Some of the Biggest Players in Pharmaceutical Mergers & Acquisitions

When you hear company names like Pfizer, Merck, Bayer and a few others, you know you’re talking about some of the most successful pharmaceutical companies in the world. They each usually know when the timing is right to try and merge with a competitor, although some efforts will always be rebuffed.                                                                                                                                          

At present, Pfizer’s attempt to take over AstraZeneca looks unlikely, although both parties have the option of resuming talks in August 2014. However, given AstraZeneca’s “clear hostility to a deal,” the situation doesn’t look good.  However, Pfizer has successfully merged with other companies in the past and is likely to do so again in the future.                                                                             

The following information reviews some of the largest mergers involving Pfizer, Merck, and Bayer during the past two decades.

Pharmaceutical Company Mergers and Acquisitions Since the Late 1990s

  • Pfizer. Back in 1999, when Pfizer acquired Warner-Lambert for about $87.3 billion, it created “the world’s second largest drug maker.” Many believe that Warner-Lambert’s creation of the drug Lipitor precipitated that deal. As many industry watchers are aware, Lipitor has “gone on to become the top-selling branded pharmaceutical in the world with 2008 sales topping $12.4 billion.” Since this major acquisition, Pfizer acquired Pharmacia in 2002, and Wyeth in 2009, paying about $64 billion for each of those companies;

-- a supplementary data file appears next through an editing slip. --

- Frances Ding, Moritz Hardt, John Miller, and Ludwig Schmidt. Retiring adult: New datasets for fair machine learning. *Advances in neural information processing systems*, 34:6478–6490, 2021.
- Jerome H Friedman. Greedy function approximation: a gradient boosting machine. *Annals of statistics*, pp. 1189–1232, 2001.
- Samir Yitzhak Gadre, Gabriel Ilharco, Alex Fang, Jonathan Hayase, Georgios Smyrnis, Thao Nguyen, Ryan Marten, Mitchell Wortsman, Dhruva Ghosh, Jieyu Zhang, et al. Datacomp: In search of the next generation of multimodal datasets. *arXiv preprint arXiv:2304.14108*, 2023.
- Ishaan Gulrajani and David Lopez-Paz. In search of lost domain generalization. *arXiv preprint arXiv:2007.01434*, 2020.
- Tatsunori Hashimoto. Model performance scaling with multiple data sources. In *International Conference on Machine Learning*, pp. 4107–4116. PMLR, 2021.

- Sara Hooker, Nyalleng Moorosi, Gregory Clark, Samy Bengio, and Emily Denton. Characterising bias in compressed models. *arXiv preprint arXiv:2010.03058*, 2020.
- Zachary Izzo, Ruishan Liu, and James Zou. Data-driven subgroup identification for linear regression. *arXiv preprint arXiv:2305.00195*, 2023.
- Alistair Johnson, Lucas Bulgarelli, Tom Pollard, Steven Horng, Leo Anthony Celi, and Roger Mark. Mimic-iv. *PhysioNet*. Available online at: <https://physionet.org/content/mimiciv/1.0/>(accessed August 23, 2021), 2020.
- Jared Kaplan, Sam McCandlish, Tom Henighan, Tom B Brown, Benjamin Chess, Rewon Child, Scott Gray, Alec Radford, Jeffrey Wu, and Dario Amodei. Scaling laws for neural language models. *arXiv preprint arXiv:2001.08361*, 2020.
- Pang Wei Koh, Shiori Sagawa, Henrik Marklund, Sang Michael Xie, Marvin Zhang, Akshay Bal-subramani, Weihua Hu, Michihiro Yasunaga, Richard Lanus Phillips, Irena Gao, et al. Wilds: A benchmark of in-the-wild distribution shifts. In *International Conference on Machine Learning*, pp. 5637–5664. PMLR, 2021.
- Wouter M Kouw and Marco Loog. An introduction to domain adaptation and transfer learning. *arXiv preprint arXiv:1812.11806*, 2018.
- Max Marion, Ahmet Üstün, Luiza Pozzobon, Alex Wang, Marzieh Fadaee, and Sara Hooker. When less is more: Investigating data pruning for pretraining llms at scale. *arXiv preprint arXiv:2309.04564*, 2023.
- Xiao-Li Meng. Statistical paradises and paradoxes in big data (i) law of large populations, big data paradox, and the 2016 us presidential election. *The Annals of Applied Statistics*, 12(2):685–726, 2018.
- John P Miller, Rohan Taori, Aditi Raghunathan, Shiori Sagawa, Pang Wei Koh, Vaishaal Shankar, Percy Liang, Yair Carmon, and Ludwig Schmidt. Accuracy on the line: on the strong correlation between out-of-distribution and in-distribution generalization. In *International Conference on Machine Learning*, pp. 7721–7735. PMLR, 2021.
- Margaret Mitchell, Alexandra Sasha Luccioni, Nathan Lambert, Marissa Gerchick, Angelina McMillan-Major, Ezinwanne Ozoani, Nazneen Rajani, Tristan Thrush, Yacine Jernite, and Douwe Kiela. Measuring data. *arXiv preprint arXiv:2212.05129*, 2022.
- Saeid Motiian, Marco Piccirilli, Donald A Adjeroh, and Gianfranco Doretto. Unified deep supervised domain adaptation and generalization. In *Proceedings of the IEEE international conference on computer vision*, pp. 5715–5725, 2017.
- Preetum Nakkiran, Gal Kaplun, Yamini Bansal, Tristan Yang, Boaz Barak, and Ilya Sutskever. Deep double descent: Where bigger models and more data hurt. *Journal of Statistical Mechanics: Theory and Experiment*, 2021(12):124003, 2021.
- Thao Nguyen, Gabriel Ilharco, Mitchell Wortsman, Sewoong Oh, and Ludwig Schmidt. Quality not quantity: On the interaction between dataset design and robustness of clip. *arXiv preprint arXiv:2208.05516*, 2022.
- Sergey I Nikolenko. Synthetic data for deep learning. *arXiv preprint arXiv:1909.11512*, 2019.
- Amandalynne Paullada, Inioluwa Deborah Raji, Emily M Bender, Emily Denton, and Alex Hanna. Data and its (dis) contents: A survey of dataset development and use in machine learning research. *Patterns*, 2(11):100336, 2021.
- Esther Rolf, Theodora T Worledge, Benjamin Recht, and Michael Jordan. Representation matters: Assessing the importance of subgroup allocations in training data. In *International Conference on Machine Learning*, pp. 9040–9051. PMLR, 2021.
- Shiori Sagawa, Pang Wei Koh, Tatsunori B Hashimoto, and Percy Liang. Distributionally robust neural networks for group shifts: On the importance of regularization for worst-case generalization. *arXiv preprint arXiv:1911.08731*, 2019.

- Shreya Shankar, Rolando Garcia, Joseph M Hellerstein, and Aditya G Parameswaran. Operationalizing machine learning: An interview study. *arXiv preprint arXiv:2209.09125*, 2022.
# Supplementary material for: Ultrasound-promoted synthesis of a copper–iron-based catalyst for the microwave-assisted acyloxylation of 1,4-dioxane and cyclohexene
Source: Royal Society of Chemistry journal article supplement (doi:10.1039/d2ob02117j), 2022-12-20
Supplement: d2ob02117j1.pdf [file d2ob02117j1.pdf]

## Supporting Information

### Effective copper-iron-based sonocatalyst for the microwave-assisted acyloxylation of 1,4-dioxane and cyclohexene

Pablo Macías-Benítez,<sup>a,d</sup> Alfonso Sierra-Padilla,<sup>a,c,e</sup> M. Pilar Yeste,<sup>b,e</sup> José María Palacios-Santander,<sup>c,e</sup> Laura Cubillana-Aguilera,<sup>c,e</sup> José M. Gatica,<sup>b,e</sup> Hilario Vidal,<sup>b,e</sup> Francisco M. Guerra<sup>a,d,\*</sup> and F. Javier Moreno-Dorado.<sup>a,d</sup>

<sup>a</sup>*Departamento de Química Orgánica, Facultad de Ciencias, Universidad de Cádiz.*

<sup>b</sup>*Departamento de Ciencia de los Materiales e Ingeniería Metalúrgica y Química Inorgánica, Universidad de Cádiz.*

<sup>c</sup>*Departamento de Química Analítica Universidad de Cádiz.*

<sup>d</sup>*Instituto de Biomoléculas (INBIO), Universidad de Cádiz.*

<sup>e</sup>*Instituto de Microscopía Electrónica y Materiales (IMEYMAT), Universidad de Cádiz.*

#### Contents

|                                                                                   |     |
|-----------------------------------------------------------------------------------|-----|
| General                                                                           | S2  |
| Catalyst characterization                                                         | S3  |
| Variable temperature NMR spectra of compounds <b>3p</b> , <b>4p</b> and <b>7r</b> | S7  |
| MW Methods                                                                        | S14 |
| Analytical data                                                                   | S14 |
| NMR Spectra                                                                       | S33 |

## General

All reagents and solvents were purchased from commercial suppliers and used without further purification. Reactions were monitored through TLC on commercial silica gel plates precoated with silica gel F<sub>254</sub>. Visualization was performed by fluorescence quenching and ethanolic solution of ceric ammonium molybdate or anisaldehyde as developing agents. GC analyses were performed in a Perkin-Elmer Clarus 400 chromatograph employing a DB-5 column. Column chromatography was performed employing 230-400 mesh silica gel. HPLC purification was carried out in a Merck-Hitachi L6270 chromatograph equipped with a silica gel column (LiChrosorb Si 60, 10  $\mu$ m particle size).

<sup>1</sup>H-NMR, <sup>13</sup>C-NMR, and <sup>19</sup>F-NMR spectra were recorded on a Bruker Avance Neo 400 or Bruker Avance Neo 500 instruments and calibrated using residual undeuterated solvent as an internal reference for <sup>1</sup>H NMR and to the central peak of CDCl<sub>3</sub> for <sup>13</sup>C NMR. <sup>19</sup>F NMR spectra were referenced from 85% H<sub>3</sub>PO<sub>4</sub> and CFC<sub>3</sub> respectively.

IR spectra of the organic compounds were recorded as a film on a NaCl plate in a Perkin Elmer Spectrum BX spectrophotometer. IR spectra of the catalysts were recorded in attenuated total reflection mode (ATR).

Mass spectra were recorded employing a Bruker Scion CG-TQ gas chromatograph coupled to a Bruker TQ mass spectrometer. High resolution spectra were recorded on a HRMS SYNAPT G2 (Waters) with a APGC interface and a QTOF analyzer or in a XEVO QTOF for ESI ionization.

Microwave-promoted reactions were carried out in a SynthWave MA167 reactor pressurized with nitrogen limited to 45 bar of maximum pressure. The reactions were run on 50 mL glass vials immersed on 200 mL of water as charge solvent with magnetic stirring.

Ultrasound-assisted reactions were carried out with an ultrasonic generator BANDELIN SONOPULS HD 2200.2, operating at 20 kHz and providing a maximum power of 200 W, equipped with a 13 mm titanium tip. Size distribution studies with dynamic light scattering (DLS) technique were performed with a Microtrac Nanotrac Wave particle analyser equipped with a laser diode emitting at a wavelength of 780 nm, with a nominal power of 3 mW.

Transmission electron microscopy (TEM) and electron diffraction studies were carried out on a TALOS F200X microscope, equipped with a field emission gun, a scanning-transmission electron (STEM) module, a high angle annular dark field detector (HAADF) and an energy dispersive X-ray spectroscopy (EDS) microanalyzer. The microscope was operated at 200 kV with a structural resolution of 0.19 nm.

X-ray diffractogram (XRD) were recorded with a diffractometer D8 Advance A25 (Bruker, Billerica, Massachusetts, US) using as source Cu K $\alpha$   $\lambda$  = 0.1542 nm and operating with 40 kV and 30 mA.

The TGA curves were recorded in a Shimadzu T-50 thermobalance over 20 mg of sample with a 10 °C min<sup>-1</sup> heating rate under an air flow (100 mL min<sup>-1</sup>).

• Bayer. Just about everyone at some point in their lives has taken Bayer Aspirin or other products sold by this successful German drug company.  Back in 2006, Bayer acquired Schering AG for $18.4 billion. Today, Bayer continues to thrive and is currently working out the final details to purchase Merck’s consumer care business for $14.2 billion. This purchase is providing Bayer with control over such well-known brands as Coppertone, Claritin and Dr. Scholl’s. According to Bayer’s chief executive Marijn Dekkers, “about 70% of Merck’s consumer product sales [are] in the United States.”  Once this merger is complete, a significant amount of business will be conducted in New Jersey. At present, Bayer employs about 113,200 workers around the world;

  • Merck. Separate and apart from the current sale of its consumer care business to Bayer (referenced above), Merck has been playing a major role in the pharmaceutical industry for centuries. In fact, Jacob Friedrick Merck purchased Angel Pharmacy way back in 1668. Merck Manufacturing began operations in 1887 after purchasing a chemical manufacturing business four years earlier. As of early 2014, the company has approximately 74,000 employees. Among other notable pursuits, Merck has a fascinating array of drugs in development at this time and continues to periodically acquire other related businesses. In fact, back in 2009, Merck paid approximately $47.1 billion to acquire Schering-Plough.

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